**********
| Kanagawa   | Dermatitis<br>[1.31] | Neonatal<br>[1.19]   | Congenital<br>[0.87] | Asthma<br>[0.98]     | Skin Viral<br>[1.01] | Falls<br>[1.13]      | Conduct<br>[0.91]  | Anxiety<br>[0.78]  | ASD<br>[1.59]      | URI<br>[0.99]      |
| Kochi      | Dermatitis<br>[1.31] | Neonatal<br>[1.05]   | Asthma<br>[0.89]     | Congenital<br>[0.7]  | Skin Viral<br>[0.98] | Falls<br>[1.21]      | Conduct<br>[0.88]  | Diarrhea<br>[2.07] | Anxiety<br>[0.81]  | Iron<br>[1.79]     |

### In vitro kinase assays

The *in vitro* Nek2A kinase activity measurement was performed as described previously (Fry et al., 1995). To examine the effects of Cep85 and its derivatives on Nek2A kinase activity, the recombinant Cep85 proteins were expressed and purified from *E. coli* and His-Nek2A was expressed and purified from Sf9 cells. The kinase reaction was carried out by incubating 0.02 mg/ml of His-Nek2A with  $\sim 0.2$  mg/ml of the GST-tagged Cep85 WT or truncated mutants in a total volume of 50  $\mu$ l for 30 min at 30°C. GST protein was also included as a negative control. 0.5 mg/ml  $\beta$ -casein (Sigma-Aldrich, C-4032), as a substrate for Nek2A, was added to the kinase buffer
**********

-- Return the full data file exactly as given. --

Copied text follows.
| Kanagawa   | Dermatitis<br>[1.31] | Neonatal<br>[1.19]   | Congenital<br>[0.87] | Asthma<br>[0.98]     | Skin Viral<br>[1.01] | Falls<br>[1.13]      | Conduct<br>[0.91]  | Anxiety<br>[0.78]  | ASD<br>[1.59]      | URI<br>[0.99]      |
| Kochi      | Dermatitis<br>[1.31] | Neonatal<br>[1.05]   | Asthma<br>[0.89]     | Congenital<br>[0.7]  | Skin Viral<br>[0.98] | Falls<br>[1.21]      | Conduct<br>[0.88]  | Diarrhea<br>[2.07] | Anxiety<br>[0.81]  | Iron<br>[1.79]     |

### In vitro kinase assays

The *in vitro* Nek2A kinase activity measurement was performed as described previously (Fry et al., 1995). To examine the effects of Cep85 and its derivatives on Nek2A kinase activity, the recombinant Cep85 proteins were expressed and purified from *E. coli* and His-Nek2A was expressed and purified from Sf9 cells. The kinase reaction was carried out by incubating 0.02 mg/ml of His-Nek2A with  $\sim 0.2$  mg/ml of the GST-tagged Cep85 WT or truncated mutants in a total volume of 50  $\mu$ l for 30 min at 30°C. GST protein was also included as a negative control. 0.5 mg/ml  $\beta$ -casein (Sigma-Aldrich, C-4032), as a substrate for Nek2A, was added to the kinase buffer